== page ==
Acetyltransferase assays using purified tau proteins were performed as previously described5 and subjected to autoradiography or immunoblotting with the following anti-tau antibodies: anti-tau polyclonal (Dako, A0024, 1:10,000), anti-acetyl lysine (Cell Signaling, 9441, 1:1,000), anti-tau monoclonal (T46, 1:1,000), anti-mouse tau (T49, 1:1,000), anti-acetylated tau (Ac-K280, 1:1,000) or anti-acetylated tau (Ac-K369, 1:1,000). For tau acetyltransferase-inhibition studies, tau proteins were preincubated with 0.5 mM N-ethyl-maleimide (NEM), 4 mM iodoacetamide (IA) or increasing concentrations of either tubulin (5–10 μM) or preformed microtubules (5 μM). MS (nanoLC nanospray MS-MS) analysis was performed at the University of Pennsylvania proteomics core facility, which identified tau autoacetylated lysine residues (data not shown). In-gel acetyltransferase assays were performed by using a variation of the in-gel histone acetyltransferase protocol described previously8. Briefly, tau proteins (5–50 μg total protein) were electrophoresed on a 15% SDS gel followed by extensive washing in Buffer 1 (50 mM Tris, pH 8.0, 20% isopropanol, 0.1 mM EDTA, 1 mM DTT). Gels were equilibrated in Buffer 4 (50 mM Tris, pH 8.0, 10% glycerol, 0.1 mM EDTA, 1 mM DTT) followed by incubation for 2 h with Buffer 4 containing 5 μCi [3H]acetyl-CoA (1–10 Ci mmol−1, PerkinElmer). Gels were then washed in 5% trichloroacetic acid several times to reduce background, dried down and exposed to film for 2 weeks. For tau transacetylation western blotting, 2N4R-tau and 2N4R-tau-2CA mutant (0.3 μM) were incubated with increasing concentrations of enzymatically active tau-K18 or deficient tau-K18-2CA (2–7 μM) for subsequent analysis of intermolecular tau acetylation. Reaction products were readily distinguished between 2N4R-tau (Mr ~65K) and tau-K18 (Mr ~15K) by immunoblotting using antibodies to acetylated tau (Ac-K280) and total tau (E10). We note that total tau immunoreactivity when using polyclonal anti-tau E10 is reduced upon tau acetylation.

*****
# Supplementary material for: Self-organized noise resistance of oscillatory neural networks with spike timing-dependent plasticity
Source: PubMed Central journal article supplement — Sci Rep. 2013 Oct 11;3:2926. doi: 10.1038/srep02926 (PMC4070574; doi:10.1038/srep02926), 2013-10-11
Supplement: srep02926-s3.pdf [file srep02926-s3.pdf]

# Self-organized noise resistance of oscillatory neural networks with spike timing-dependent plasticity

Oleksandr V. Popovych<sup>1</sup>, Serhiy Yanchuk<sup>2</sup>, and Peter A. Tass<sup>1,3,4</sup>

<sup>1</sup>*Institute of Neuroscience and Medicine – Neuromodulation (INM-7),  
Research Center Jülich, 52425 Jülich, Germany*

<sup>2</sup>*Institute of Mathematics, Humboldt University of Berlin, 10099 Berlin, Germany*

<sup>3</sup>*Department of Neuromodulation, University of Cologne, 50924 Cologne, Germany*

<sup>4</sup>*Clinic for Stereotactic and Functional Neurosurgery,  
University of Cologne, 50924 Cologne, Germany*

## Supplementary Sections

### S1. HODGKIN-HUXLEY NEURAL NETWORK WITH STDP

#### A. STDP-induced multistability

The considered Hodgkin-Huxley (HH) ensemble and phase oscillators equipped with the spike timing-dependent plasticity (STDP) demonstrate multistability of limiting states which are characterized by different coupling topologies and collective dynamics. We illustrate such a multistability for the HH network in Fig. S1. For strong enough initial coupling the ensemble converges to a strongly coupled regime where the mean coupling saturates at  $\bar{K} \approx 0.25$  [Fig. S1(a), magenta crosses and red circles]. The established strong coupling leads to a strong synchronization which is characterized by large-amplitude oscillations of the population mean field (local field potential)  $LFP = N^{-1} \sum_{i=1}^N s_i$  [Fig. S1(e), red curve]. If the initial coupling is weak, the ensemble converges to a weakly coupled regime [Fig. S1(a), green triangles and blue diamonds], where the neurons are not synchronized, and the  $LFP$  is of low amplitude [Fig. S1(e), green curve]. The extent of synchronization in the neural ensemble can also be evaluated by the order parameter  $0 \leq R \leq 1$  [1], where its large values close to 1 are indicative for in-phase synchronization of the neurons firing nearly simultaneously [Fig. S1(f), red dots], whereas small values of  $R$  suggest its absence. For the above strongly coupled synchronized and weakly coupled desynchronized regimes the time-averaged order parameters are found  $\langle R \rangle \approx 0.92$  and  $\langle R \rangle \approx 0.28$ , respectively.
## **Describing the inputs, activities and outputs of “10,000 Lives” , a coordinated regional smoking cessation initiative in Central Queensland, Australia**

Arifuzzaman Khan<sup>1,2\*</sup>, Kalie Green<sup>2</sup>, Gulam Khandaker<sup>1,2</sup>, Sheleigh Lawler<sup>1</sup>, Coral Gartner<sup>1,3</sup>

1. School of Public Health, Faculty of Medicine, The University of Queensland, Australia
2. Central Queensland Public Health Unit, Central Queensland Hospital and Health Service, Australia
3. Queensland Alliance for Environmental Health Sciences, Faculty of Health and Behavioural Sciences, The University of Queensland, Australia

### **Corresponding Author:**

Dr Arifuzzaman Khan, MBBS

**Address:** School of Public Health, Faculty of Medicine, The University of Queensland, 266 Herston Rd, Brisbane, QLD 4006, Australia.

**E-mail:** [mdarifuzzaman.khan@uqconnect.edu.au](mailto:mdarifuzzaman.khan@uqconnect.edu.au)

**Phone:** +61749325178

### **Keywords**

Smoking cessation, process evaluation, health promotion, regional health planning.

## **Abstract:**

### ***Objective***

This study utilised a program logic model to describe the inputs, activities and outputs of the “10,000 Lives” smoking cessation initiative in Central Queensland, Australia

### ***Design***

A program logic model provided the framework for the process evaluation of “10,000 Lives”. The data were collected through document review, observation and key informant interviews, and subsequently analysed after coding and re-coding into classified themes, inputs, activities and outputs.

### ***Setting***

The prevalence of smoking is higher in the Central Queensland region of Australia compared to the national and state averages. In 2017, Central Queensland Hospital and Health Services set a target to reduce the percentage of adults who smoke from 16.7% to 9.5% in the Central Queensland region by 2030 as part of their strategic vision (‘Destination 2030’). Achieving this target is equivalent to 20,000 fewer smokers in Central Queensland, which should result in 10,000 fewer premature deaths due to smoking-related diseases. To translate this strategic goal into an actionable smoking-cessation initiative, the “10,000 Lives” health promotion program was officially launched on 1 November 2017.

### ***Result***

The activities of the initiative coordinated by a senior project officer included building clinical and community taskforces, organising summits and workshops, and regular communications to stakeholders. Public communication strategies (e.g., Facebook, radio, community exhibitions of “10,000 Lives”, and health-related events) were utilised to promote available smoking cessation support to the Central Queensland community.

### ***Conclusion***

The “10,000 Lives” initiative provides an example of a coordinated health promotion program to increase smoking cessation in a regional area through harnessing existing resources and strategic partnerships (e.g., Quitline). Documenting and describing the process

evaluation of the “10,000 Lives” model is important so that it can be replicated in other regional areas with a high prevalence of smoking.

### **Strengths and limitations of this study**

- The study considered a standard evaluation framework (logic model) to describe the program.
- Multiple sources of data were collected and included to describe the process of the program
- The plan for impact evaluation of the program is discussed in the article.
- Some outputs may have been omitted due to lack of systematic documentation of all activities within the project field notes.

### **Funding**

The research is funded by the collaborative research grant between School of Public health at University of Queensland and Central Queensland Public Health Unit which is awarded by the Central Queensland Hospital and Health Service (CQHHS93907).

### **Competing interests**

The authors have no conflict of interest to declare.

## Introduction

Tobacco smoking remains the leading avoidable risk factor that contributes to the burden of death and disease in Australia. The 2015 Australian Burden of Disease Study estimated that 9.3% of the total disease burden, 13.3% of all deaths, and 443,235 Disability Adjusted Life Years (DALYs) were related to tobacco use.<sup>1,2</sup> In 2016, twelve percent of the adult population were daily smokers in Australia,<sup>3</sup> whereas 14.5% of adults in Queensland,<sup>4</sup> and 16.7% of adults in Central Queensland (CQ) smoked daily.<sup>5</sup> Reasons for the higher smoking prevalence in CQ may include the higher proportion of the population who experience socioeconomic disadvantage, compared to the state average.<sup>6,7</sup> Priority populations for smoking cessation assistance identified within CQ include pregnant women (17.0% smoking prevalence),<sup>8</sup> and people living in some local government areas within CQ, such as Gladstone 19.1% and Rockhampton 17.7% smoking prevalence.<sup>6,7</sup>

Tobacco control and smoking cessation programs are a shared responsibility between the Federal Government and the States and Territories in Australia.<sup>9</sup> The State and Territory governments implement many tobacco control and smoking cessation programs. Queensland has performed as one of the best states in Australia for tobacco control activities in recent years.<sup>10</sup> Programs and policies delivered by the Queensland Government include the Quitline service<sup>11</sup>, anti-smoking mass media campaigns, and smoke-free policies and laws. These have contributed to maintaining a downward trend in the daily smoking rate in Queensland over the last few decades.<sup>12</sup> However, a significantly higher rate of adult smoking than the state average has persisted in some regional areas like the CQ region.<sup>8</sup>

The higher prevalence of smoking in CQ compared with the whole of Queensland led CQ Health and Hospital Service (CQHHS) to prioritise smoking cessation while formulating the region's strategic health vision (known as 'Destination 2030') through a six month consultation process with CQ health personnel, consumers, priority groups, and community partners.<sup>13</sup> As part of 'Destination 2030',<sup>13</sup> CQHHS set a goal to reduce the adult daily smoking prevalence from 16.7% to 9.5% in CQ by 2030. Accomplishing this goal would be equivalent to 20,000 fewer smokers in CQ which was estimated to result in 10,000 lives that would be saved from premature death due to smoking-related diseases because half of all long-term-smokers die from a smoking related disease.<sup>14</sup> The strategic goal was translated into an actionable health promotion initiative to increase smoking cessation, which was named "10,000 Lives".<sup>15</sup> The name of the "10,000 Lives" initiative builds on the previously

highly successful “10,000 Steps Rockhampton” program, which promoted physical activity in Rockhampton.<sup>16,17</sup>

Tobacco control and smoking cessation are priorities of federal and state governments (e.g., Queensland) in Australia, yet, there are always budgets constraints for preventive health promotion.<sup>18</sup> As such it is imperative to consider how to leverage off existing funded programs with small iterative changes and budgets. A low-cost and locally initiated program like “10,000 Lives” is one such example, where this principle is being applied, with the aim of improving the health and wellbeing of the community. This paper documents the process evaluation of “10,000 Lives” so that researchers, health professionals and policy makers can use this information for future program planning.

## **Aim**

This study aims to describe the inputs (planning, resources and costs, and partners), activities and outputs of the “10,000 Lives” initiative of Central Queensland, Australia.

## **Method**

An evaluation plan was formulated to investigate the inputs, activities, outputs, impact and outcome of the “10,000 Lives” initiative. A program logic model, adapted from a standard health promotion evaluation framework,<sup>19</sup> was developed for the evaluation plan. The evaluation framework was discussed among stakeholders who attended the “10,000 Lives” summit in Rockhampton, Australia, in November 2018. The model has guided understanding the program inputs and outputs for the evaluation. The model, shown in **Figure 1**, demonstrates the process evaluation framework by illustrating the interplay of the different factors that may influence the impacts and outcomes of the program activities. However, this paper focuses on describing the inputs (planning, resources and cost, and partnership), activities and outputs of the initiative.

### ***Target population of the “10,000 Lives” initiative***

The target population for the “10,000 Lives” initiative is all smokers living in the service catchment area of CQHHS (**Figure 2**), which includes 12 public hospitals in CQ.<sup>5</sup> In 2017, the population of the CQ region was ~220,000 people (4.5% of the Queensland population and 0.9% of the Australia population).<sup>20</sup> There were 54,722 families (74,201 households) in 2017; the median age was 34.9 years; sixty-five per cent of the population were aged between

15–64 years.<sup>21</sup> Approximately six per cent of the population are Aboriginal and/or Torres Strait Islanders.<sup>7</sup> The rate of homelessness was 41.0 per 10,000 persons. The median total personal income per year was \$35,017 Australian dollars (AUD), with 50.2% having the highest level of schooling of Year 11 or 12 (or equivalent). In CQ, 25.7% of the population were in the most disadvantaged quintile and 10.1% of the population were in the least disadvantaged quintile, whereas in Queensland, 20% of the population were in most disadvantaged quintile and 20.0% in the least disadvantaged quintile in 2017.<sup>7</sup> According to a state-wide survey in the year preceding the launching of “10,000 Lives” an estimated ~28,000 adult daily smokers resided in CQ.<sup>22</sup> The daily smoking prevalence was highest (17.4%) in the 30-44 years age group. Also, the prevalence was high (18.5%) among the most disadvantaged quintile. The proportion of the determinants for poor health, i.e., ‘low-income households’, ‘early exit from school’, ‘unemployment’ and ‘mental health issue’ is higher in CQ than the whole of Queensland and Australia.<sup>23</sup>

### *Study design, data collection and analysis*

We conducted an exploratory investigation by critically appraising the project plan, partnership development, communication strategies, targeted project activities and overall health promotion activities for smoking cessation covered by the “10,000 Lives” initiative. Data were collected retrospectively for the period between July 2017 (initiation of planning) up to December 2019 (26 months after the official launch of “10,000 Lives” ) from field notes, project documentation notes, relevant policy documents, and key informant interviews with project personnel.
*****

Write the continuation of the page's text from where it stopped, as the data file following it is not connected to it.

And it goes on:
Cell-based tau-T40 (2N4R) acetyltransferase assays were performed by immunoprecipitation of tau proteins (tau mAb T46+T14) bound to protein-A or protein-G beads followed by addition of [14C]acetyl-CoA for 2 h. Acetylated tau proteins bound to beads were analyzed by SDS-PAGE and Coomassie staining followed by phosphorimaging with Storm software. For acetyltransferase assays of brain lysates, boiled mouse lysates or salt-extracted human lysates were dialyzed into PBS and supplemented with Tris, pH 8.0, to a final concentration of 50 mM. CoA or acetyl-CoA was added to 1 mM and incubated for 2 h at 37 °C, followed by immunoblotting using the indicated anti-tau antibodies. Cell-based K18 acetylation was performed, using K18-P301L (K18-PL), mutants lacking cysteines (K18-PL-C291-322A) or mutants containing phosphomimic mutations (K18-PL-S262-356E). Transfected cells were treated overnight with 10 μM 3-methyladenine (3MA) and 50 μM sodium arsenite, where indicated, followed by sequential biochemical extraction of soluble (RIPA-solubilized) and insoluble (UREA-solubilized) fractions, as previously described32. Immunoblotting of cell lysates was performed, using the following primary antibodies to the following proteins in addition to those indicated above for recombinant methods: total tubulin (Sigma, DM1A, 1:2,000), acetylated tubulin (Sigma, T6793, 1:1,000), acetylated histone H3K18 (Active Motif, 39755, 1:1,000), acetylated histone H3K9 (Millipore, 07-352, 1:1,000), phospho-tau 12E8, 1:1,000), GAPDH (Advanced Immunochemical, 2-RGM2, 1:3,000) or M2-FLAG (Sigma, F1804, 1:2,000). In-trans immunofluorescence (trans-IF) was performed by using primary hippocampal neurons isolated from CD1 embryos (Charles River), following the NIH Guide for the Care and Use of Experimental Animals, and was approved by the University of Pennsylvania Institutional Animal Care and Use Committee. Neurons were grown on cover slips for 21 d in culture, followed by fixation in 4% paraformaldehyde and permeabilization in 0.2% Triton for 15 min. Cover slips were incubated with 0.5 mg ml−1 tau-K19 or tau-K19-C322A mutant proteins in the presence of 1 mM CoA or acetyl-CoA for 2 h, followed by extensive washing in PBS and immunostaining analysis using antibodies to Ac-K280 and total mouse anti-tau (T49). A similar analysis was performed by incubating purified 0N3R-tau with 2N4R-tau–transfected QBI-293 cells (Supplementary Fig. 5).